Firecracker chicken – laziji 辣子鸡

Posted by Fuchsia on January 18, 2014
Chillies, Recipe, Regional cuisines, Sichuanese cuisine

As 2014 is the Year of the Horse, perhaps I should be marking the Chinese New Year with a horse recipe (!) – but instead I‘ve put together one for that Chongqing classic, ‘Chicken with chillies’ (lazi ji 辣子鸡). You can read the full recipe on the Financial Times website here, along with a quick and easy version that does not require dismembering a poussin but uses chicken wings instead.

At first sight, this dish can appear terrifying to the uninitiated, because there are more chillies than pieces of chicken, a great red -silk-and-firecracker pile of them. But, as with that other notoriously chilli-laden dish ‘Water-boiled fish’ (shui zhu yu 水煮鱼), the spices are just there to lend their flavour to the cooking oil, and should not be eaten. Use your chopsticks to rummage out crisp morsels of chicken from among them. The fragments of skin will be the most delicious, and some of the little bones so crisp you can munch them.

This recipe is a speciality of Geleshan (Gele Mountain) in Chongqing, that vast municipality that was until 1997 a district of Sichuan Province. There, they use young free-range chickens, which is why I recommend using a poussin if you can find one – these small birds can be cut into the dainty little pieces that will become sizzly crisp and fragrant in the deep-frying oil. If you can’t find poussin, used boned chicken thigh meat instead.

Please make sure you buy dried chillies that have a deep red colour but are not too hot: avoid those aggressive little bird’s eye chillies, and choose instead larger varieties like Sichuan facing heaven chillies, or the pointy chillies you can see in my photographs. (Mexican de Arbols are a reasonable substitute.) I bought the ones you can see in the pics from New Loon Moon in Gerrard Street, Chinatown, London. Conveniently, they had already been cut into sections and largely deseeded, which saved time in the kitchen.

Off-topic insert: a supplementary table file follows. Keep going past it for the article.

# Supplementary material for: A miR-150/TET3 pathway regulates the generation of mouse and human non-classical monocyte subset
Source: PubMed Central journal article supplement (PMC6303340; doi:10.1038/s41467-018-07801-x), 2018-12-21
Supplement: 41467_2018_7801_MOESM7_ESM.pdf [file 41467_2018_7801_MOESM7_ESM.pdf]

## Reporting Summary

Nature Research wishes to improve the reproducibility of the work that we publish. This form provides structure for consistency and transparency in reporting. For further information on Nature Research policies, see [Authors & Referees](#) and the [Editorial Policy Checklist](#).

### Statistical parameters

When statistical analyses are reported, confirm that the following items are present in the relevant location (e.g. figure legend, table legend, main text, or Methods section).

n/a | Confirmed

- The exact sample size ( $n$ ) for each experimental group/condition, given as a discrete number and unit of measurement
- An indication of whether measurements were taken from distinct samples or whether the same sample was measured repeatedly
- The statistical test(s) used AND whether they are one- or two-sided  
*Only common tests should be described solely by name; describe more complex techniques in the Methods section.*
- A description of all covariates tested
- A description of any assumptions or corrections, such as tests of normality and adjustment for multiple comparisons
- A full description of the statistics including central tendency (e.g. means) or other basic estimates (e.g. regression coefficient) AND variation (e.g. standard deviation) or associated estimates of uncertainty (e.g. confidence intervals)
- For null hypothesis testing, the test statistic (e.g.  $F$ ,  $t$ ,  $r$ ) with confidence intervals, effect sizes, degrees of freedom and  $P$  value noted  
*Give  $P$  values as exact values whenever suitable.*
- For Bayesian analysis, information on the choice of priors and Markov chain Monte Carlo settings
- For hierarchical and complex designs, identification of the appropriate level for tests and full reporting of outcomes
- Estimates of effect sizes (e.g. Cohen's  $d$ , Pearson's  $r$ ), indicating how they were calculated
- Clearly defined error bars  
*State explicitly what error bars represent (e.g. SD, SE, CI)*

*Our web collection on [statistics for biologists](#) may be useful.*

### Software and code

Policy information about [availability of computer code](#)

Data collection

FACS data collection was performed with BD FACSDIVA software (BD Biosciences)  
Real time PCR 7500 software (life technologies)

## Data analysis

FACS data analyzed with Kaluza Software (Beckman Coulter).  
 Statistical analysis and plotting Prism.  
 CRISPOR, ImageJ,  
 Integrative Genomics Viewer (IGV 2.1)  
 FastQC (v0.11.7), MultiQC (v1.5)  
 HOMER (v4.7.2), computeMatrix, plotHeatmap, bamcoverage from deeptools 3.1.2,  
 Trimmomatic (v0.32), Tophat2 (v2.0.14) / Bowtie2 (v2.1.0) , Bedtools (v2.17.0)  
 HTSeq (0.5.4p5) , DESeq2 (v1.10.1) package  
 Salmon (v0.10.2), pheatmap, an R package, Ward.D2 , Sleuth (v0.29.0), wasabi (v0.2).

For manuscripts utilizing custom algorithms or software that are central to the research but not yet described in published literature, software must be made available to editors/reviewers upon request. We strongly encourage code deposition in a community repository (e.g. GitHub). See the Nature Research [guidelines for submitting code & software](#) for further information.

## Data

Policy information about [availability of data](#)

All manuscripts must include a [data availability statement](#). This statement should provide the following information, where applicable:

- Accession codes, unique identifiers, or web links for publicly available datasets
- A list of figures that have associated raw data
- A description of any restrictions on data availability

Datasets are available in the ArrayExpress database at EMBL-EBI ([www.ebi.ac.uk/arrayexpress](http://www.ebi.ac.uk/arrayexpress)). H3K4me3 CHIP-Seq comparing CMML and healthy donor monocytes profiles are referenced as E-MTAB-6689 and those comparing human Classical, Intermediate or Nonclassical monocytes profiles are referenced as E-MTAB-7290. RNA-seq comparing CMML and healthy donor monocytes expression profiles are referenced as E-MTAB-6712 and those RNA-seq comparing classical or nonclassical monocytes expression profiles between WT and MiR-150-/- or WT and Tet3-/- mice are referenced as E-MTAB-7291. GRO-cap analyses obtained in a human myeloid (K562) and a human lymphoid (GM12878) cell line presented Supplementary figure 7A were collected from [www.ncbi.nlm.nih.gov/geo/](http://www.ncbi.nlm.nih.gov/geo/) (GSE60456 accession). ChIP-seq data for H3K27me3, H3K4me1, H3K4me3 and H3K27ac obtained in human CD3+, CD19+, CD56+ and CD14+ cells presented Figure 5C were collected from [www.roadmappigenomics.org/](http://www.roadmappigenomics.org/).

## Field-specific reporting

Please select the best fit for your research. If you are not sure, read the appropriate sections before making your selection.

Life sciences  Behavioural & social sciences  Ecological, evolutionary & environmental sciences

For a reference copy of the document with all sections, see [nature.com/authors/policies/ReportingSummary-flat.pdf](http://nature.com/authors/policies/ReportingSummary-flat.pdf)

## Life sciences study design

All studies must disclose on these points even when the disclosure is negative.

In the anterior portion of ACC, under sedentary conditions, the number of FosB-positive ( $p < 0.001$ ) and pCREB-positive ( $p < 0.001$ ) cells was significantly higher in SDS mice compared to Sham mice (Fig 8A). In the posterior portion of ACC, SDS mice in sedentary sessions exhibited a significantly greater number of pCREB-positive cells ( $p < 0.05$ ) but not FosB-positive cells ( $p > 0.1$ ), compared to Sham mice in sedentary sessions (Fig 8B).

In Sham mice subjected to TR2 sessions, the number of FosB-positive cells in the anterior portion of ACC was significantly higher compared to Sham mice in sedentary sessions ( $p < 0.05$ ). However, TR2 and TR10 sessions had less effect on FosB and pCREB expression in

Serve the dish as part of a Chinese feast – ideally with some fresh, vibrant greens, a gentle broth to balance the fiery dryness of the chicken, plain white rice and any other dishes you fancy.


Tags: ,

7 Comments to Firecracker chicken – laziji 辣子鸡

Precarious Dave
19 January 2014

Oh, I remember your 辣子鸡 from Sichuan Cookery! (page 85, kids!) Even now the chilli content has me taking deep breaths. Maybe I’ll man-up and take the plunge one of these days. :D

Rick Brown
19 January 2014

This was part of the first meal I had on my first ever trip to China – about 12 years ago… I was in Kunming with an Aussie friend, and had no idea the chillies were not for eating…!

Jonathan Rotberg
24 January 2014

Hi Fuchsia,

I fell in love with Sichuan food a few years back and a friend of mine pointed me toward you and I’ve loved reading all your books.

Quick question about this recipe:

By BONED chicken thighs do you mean DEBONED? Or Chicken Thighs WITH Bones?

Thanks! I hope this question isn’t stupid…maybe its because I’m American.

Fuchsia
24 January 2014

Hi Jonathan – yes, I mean WITHOUT bones (in UK English, anyway, we use ‘bone’ as a verb meaning ‘to remove the bones’)!

Wendell
27 January 2014

I have been looking for a 辣子鸡 recipe FOREVER. Glad I used this one. Reminds me of my travels in China. Great recipe!

Fuchsia
30 January 2014

Thanks Wendell!

keith
3 July 2014

Hi Fuchsia – Thanks so much for this recipe. Since moving away from New York I’ve been trying to hunt down some recipes to reverse-engineer the dishes at my favorite Sichuan joint (Grand Sichuan) and several of yours do the job perfectly. (This one is very close to a dish on their menu they call Chongqing chicken.) However, there is one dish I adore there that i’ve never seen a recipe that approximates, I suspect because it may not be 100% canonical. They call it Guizhou chicken and it is extremely similar to this (Chongqing chicken) in its basic elements – the chilis, Sichuan peppers, deep-fried chicken pieces – except it has a subtly sweet element to it (honey?) and is a little more saucy, not to the point of leaving much in the bottom of the dish besides a little red oil, but enough to cling and really flavor the chicken. I am wondering if you have ever come across a dish like this and have any idea how they might have tinkered with a traditional 辣子鸡 recipe to pull it off? PS – Congratulations on the Beard awards!

Leave a comment

WP_Big_City